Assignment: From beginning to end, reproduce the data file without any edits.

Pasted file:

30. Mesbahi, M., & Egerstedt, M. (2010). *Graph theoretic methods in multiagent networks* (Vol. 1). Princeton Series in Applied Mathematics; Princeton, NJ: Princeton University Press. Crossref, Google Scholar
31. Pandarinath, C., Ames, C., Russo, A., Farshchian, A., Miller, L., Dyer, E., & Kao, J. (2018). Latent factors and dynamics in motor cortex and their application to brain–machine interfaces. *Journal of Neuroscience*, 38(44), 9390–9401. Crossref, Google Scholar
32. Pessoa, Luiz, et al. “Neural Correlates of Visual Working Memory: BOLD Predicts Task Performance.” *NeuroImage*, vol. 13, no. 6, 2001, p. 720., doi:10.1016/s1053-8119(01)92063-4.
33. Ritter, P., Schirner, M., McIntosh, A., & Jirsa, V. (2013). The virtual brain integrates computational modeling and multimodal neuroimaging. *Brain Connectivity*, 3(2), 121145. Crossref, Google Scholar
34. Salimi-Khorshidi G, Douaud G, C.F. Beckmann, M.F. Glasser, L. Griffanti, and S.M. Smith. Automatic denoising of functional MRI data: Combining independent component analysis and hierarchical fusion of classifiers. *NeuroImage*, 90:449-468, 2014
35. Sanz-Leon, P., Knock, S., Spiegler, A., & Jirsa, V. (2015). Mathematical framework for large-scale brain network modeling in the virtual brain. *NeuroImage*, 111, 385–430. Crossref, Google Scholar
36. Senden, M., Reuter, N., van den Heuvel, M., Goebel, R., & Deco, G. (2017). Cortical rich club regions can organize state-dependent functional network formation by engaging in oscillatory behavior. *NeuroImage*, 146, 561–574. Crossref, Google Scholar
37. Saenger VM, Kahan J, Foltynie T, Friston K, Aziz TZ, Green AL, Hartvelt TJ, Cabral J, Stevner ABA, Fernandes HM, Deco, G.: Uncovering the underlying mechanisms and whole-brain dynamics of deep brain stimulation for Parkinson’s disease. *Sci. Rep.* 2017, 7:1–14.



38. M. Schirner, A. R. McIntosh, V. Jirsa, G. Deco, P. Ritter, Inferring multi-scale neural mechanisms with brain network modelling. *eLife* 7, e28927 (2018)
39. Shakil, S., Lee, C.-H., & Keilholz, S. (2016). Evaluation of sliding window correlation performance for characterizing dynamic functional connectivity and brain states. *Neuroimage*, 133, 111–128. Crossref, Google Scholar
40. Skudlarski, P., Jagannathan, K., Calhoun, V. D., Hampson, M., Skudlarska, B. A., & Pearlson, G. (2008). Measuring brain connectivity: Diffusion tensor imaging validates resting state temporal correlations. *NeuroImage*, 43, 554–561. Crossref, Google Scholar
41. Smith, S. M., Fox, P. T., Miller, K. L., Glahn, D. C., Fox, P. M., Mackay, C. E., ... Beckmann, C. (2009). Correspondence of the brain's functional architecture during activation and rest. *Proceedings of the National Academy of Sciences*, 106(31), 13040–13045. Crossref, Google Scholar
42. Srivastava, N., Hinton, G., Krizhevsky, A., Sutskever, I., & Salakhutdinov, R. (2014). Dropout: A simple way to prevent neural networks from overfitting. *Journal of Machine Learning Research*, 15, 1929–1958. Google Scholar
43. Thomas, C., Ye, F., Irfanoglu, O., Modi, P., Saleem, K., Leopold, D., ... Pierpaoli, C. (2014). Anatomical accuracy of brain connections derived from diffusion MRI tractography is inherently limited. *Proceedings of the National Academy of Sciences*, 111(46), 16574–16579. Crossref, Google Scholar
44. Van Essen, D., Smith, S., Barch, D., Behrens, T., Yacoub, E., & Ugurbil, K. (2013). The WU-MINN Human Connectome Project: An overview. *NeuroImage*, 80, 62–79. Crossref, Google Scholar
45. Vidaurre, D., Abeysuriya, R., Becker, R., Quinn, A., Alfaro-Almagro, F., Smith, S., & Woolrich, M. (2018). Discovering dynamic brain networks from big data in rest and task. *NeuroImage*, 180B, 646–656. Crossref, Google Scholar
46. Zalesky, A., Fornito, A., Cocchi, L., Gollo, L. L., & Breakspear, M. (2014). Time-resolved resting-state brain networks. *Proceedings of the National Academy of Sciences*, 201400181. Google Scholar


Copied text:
30. Mesbahi, M., & Egerstedt, M. (2010). *Graph theoretic methods in multiagent networks* (Vol. 1). Princeton Series in Applied Mathematics; Princeton, NJ: Princeton University Press. Crossref, Google Scholar
31. Pandarinath, C., Ames, C., Russo, A., Farshchian, A., Miller, L., Dyer, E., & Kao, J. (2018). Latent factors and dynamics in motor cortex and their application to brain–machine interfaces. *Journal of Neuroscience*, 38(44), 9390–9401. Crossref, Google Scholar
32. Pessoa, Luiz, et al. “Neural Correlates of Visual Working Memory: BOLD Predicts Task Performance.” *NeuroImage*, vol. 13, no. 6, 2001, p. 720., doi:10.1016/s1053-8119(01)92063-4.
33. Ritter, P., Schirner, M., McIntosh, A., & Jirsa, V. (2013). The virtual brain integrates computational modeling and multimodal neuroimaging. *Brain Connectivity*, 3(2), 121145. Crossref, Google Scholar
34. Salimi-Khorshidi G, Douaud G, C.F. Beckmann, M.F. Glasser, L. Griffanti, and S.M. Smith. Automatic denoising of functional MRI data: Combining independent component analysis and hierarchical fusion of classifiers. *NeuroImage*, 90:449-468, 2014
35. Sanz-Leon, P., Knock, S., Spiegler, A., & Jirsa, V. (2015). Mathematical framework for large-scale brain network modeling in the virtual brain. *NeuroImage*, 111, 385–430. Crossref, Google Scholar
36. Senden, M., Reuter, N., van den Heuvel, M., Goebel, R., & Deco, G. (2017). Cortical rich club regions can organize state-dependent functional network formation by engaging in oscillatory behavior. *NeuroImage*, 146, 561–574. Crossref, Google Scholar
37. Saenger VM, Kahan J, Foltynie T, Friston K, Aziz TZ, Green AL, Hartvelt TJ, Cabral J, Stevner ABA, Fernandes HM, Deco, G.: Uncovering the underlying mechanisms and whole-brain dynamics of deep brain stimulation for Parkinson’s disease. *Sci. Rep.* 2017, 7:1–14.



38. M. Schirner, A. R. McIntosh, V. Jirsa, G. Deco, P. Ritter, Inferring multi-scale neural mechanisms with brain network modelling. *eLife* 7, e28927 (2018)
39. Shakil, S., Lee, C.-H., & Keilholz, S. (2016). Evaluation of sliding window correlation performance for characterizing dynamic functional connectivity and brain states. *Neuroimage*, 133, 111–128. Crossref, Google Scholar
40. Skudlarski, P., Jagannathan, K., Calhoun, V. D., Hampson, M., Skudlarska, B. A., & Pearlson, G. (2008). Measuring brain connectivity: Diffusion tensor imaging validates resting state temporal correlations. *NeuroImage*, 43, 554–561. Crossref, Google Scholar
41. Smith, S. M., Fox, P. T., Miller, K. L., Glahn, D. C., Fox, P. M., Mackay, C. E., ... Beckmann, C. (2009). Correspondence of the brain's functional architecture during activation and rest. *Proceedings of the National Academy of Sciences*, 106(31), 13040–13045. Crossref, Google Scholar
42. Srivastava, N., Hinton, G., Krizhevsky, A., Sutskever, I., & Salakhutdinov, R. (2014). Dropout: A simple way to prevent neural networks from overfitting. *Journal of Machine Learning Research*, 15, 1929–1958. Google Scholar
43. Thomas, C., Ye, F., Irfanoglu, O., Modi, P., Saleem, K., Leopold, D., ... Pierpaoli, C. (2014). Anatomical accuracy of brain connections derived from diffusion MRI tractography is inherently limited. *Proceedings of the National Academy of Sciences*, 111(46), 16574–16579. Crossref, Google Scholar
44. Van Essen, D., Smith, S., Barch, D., Behrens, T., Yacoub, E., & Ugurbil, K. (2013). The WU-MINN Human Connectome Project: An overview. *NeuroImage*, 80, 62–79. Crossref, Google Scholar
45. Vidaurre, D., Abeysuriya, R., Becker, R., Quinn, A., Alfaro-Almagro, F., Smith, S., & Woolrich, M. (2018). Discovering dynamic brain networks from big data in rest and task. *NeuroImage*, 180B, 646–656. Crossref, Google Scholar
46. Zalesky, A., Fornito, A., Cocchi, L., Gollo, L. L., & Breakspear, M. (2014). Time-resolved resting-state brain networks. *Proceedings of the National Academy of Sciences*, 201400181. Google Scholar